[Ti] Title:Osteoglycin Attenuates Cardiac Fibrosis by Suppressing Cardiac myofibroblast proliferation and migration throughAntagonizing LPA3/MMP2/EGFR signaling.
[So] Source:Cardiovasc Res;, 2018 Feb 05.
[Is] ISSN:1755-3245
[Cp] Country of publication:England
[La] Language:eng
[Ab] Abstract:Aims: Cardiac myofibroblasts (CMFs) play a crucial role in the progression of pathological fibrotic cardiac remodeling. The expression of osteoglycin (OGN) is increased in diseased hearts; however, the role of OGN in pathological cardiac remodeling is not understood. Here we sought to determine the effect of OGN on cardiac interstitial fibrosis and investigated the molecular mechanisms of OGN in CMF activation and matrix production. Methods and results: We found that OGN expression was significantly upregulated in mouse hearts in response to chronic 14-day angiotensin II (Ang II) infusion. Mice lacking OGN (OGN-/-) exhibited enhanced cardiac interstitial fibrosis and significantly more severe cardiac dysfunction following Ang II infusion compared to wild-type mice. OGN deficiency did not alter blood pressure, nor had effect on TGFß signaling activation, but presented with increased proliferative activity in hearts. In vitro studies with isolated CMFs revealed that OGN deficiency significantly increased proliferation and migration and enhanced the transactivation of epidermal growth factor receptor (EGFR) signaling by Ang II. On the other hand, OGN overexpression in CMFs decreased their proliferation and migration via reducing EGFR activation. Overexpression of OGN also suppressed the shedding of membrane anchored EGFR ligand. Moreover, OGN was found to interact with a lysophosphatidic acid (LPA) receptor isoform 3 and thus to attenuate EGFR transactivation through blocking cell surface translocation of membrane type 1 matrix metalloproteinase (MT1-MMP) and subsequent pro-MMP-2 activation in a RhoA/ROCK-dependent manner. Conclusion: These findings suggest that OGN negatively regulates cardiac fibrotic remodeling by attenuating CMF proliferation and migration through LPA3-mediated and Rho/ROCK-dependent inhibition of MT1-MMP translocation, MMP2 activation, and EGFR transactivation.
[Pt] Publication type:JOURNAL ARTICLE
[Em] Entry month:1802
[Cu] Class update date: 180308
[Lr] Last revision date:180308
[St] Status:Publisher
[do] DOI:10.1093/cvr/cvy035

  10 / 8961 MEDLINE  
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[PMID]: 29361086
[Au] Autor:Truffi M; Sorrentino L; Monieri M; Fociani P; Mazzucchelli S; Bonzini M; Zerbi P; Sampietro GM; Di Sabatino A; Corsi F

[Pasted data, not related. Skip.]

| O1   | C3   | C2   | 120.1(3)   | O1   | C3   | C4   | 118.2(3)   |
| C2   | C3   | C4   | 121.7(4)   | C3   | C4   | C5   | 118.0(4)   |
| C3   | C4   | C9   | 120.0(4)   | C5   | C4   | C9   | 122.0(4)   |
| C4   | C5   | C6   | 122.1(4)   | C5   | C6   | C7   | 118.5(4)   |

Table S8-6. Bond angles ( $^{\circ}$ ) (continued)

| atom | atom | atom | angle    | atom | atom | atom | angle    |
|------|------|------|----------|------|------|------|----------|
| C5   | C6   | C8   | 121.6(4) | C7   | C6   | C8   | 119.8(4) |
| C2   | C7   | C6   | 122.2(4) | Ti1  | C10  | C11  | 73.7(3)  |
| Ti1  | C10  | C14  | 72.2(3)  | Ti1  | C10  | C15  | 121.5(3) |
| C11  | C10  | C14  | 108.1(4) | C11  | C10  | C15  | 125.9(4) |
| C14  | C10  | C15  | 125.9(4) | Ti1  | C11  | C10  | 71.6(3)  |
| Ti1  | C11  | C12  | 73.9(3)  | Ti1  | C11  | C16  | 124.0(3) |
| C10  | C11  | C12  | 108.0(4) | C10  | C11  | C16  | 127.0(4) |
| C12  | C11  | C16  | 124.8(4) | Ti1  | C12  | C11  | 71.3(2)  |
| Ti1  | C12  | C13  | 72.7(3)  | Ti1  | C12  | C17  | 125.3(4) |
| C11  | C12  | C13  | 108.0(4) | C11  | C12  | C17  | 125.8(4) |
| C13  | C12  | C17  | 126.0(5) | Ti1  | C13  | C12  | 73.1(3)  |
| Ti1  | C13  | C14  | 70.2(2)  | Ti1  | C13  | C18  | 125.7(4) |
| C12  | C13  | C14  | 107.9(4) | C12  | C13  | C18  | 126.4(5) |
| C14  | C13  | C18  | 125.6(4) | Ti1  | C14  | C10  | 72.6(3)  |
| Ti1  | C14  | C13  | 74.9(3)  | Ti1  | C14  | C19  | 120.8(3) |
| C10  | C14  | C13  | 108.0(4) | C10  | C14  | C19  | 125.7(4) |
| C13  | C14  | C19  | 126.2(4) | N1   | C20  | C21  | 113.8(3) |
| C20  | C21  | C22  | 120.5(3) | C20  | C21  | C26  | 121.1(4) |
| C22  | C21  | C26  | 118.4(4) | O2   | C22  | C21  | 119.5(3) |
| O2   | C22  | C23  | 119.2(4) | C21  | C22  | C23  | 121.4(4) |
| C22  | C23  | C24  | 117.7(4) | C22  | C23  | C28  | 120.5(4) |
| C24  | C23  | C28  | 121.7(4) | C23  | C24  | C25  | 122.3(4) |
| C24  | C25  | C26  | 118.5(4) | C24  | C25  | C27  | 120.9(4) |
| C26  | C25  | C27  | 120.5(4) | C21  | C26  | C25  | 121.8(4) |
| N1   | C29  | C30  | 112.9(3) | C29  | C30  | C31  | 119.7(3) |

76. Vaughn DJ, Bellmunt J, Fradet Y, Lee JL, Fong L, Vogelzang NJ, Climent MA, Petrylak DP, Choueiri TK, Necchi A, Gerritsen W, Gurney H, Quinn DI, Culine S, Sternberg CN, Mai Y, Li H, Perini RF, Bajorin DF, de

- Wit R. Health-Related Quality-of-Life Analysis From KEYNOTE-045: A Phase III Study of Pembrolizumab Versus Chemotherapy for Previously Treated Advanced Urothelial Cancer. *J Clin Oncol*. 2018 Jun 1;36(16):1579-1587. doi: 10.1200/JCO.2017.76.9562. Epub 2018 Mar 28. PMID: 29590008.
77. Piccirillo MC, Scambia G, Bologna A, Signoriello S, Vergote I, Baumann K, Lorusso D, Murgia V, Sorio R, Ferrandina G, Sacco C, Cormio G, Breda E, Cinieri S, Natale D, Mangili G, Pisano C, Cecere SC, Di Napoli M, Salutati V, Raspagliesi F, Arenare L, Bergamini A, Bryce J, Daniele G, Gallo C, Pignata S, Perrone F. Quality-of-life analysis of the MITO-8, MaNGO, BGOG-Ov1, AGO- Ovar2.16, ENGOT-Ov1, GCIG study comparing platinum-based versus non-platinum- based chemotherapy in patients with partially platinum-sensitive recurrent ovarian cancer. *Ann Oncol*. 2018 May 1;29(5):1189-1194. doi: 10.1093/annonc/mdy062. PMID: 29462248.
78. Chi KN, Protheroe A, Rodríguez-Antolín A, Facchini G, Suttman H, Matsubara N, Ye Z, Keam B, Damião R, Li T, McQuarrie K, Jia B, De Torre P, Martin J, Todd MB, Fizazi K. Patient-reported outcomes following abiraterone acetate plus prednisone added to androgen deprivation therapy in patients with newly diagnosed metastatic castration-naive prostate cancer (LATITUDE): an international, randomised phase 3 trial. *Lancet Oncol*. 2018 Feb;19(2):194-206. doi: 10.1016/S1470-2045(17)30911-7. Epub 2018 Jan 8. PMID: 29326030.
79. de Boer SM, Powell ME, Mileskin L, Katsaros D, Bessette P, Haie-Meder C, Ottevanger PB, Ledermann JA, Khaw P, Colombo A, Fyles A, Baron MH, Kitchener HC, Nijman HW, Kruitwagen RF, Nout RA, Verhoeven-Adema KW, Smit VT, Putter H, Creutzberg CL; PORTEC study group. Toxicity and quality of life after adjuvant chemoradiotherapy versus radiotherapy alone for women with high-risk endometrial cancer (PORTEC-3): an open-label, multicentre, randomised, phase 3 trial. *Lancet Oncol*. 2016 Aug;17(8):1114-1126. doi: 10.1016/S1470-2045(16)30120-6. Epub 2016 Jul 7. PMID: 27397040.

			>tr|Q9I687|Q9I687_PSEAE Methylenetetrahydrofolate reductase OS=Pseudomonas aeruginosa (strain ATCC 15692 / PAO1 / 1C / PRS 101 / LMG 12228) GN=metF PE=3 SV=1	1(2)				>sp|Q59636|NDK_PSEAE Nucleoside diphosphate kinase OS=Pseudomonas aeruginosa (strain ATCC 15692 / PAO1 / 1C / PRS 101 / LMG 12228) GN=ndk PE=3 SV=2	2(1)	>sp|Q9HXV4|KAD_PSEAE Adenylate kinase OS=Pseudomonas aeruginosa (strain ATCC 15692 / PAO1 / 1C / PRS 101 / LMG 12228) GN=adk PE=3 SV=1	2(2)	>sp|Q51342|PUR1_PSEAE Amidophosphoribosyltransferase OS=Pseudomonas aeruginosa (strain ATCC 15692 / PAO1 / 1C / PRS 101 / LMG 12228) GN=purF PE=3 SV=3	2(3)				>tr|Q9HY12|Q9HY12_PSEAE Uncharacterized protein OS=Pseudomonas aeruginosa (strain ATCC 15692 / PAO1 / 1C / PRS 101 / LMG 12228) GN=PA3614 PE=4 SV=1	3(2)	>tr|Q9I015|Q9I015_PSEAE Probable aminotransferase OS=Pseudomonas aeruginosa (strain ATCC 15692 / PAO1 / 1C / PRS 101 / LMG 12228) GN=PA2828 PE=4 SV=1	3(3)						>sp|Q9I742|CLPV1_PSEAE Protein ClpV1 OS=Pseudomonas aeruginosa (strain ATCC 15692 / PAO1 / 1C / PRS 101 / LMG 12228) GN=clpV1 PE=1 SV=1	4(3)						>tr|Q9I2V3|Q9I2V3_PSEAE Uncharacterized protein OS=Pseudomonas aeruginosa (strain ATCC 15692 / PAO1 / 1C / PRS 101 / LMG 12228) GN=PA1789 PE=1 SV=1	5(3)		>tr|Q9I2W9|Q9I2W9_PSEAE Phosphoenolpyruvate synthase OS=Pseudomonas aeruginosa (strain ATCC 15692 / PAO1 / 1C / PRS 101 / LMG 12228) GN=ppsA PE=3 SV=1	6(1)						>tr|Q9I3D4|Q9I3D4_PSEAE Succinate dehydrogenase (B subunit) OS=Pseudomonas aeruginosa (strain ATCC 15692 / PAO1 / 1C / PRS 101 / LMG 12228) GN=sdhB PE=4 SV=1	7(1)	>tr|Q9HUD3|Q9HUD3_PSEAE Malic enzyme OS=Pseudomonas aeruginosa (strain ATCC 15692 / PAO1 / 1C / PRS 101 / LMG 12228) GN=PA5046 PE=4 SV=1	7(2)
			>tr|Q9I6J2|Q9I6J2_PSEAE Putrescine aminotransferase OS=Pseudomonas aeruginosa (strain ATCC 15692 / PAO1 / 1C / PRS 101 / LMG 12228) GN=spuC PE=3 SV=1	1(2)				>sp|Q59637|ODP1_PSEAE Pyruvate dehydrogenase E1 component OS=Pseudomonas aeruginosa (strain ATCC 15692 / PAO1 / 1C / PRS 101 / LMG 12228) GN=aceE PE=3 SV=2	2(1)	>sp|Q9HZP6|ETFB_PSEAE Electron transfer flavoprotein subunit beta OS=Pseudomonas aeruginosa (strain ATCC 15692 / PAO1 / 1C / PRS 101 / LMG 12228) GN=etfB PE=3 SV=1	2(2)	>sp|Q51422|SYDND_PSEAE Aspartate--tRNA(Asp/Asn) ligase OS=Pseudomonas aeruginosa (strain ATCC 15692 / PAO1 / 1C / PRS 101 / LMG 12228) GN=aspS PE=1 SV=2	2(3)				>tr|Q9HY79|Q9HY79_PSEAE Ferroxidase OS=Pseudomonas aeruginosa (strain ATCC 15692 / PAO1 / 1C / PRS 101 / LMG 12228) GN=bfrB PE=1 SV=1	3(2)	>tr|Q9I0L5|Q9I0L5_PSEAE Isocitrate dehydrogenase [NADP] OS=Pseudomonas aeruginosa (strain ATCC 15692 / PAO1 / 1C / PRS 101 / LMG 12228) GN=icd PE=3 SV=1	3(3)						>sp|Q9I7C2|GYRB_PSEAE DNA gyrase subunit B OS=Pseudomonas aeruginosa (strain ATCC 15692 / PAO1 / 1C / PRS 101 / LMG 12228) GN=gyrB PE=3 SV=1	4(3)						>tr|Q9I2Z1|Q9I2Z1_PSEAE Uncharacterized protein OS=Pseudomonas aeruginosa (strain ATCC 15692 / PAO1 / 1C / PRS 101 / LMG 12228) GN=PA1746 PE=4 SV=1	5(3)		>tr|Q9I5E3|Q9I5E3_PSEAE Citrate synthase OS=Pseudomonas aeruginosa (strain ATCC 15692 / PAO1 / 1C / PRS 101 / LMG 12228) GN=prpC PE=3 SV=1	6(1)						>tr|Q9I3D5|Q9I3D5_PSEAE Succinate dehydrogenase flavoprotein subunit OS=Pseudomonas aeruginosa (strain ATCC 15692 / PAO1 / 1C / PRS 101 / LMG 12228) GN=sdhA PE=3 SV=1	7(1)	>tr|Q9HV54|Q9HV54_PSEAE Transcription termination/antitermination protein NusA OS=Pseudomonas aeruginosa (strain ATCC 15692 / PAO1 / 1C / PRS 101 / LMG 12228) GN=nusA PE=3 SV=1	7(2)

[Ad] Address:Department of Biomedical and Clinical Sciences "L. Sacco", University of Milan, Milan, Italy.
[Ti] Title:Inhibition of Fibroblast Activation Protein Restores a Balanced Extracellular Matrix and Reduces Fibrosis in Crohn's Disease Strictures Ex Vivo.
[So] Source:Inflamm Bowel Dis;24(2):332-345, 2018 Jan 18.
[Is] ISSN:1536-4844
[Cp] Country of publication:United States
[La] Language:eng
[Ab] Abstract:Background: Crohn's disease (CD) is a chronic bowel inflammation that ultimately leads to fibrosis, for which medical therapy is currently unavailable. Fibrotic strictures in CD are characterized by excessive extracellular matrix (ECM) deposition, altered balance between matrix metalloproteinases (MMPs) and their tissue inhibitors (TIMPs), and overexpression of fibroblast activation protein (FAP), a marker of active fibroblasts. Here we investigated the role of FAP-targeted therapy in ECM remodeling in CD strictures ex vivo. Methods: Bowel specimens were obtained from stenotic and nonstenotic ileal segments from 30 patients with fibrostenotic CD undergoing surgery. FAP expression was evaluated in isolated mucosal myofibroblasts by immunoblotting and flow cytometry. Bowel tissue cultures were treated with anti-FAP antibody, and soluble collagen, TIMP-1, and MMPs were measured in tissue culture supernatants by immunoblotting. Anti-FAP-treated myofibroblasts were analyzed for TIMP-1 expression by immunoblotting, for migratory potential by wound healing assay, and for apoptosis by Annexin V staining. Results: Myofibroblasts from stenotic CD mucosa showed upregulation of FAP expression when compared with nonstenotic mucosa. Treatment of stenotic tissues with anti-FAP antibody induced a dose-dependent decrease in collagen production, particularly affecting type I collagen. The treatment also reduced TIMP-1 production in CD strictures, without altering MMP-3 and MMP-12 secretion. Accordingly, anti-FAP treatment inhibited TIMP-1 expression in stenotic CD myofibroblasts and enhanced myofibroblast migration without affecting survival. Conclusions: FAP inhibition reduced type I collagen and TIMP-1 production by CD strictures ex vivo without compromising uninvolved bowel areas. These results suggest that targeting FAP could reconstitute ECM homeostasis in fibrostenotic CD.
[Pt] Publication type:JOURNAL ARTICLE
[Em] Entry month:1801
[Cu] Class update date: 180308
[Lr] Last revision date:180308
[St] Status:In-Data-Review
[do] DOI:10.1093/ibd/izx008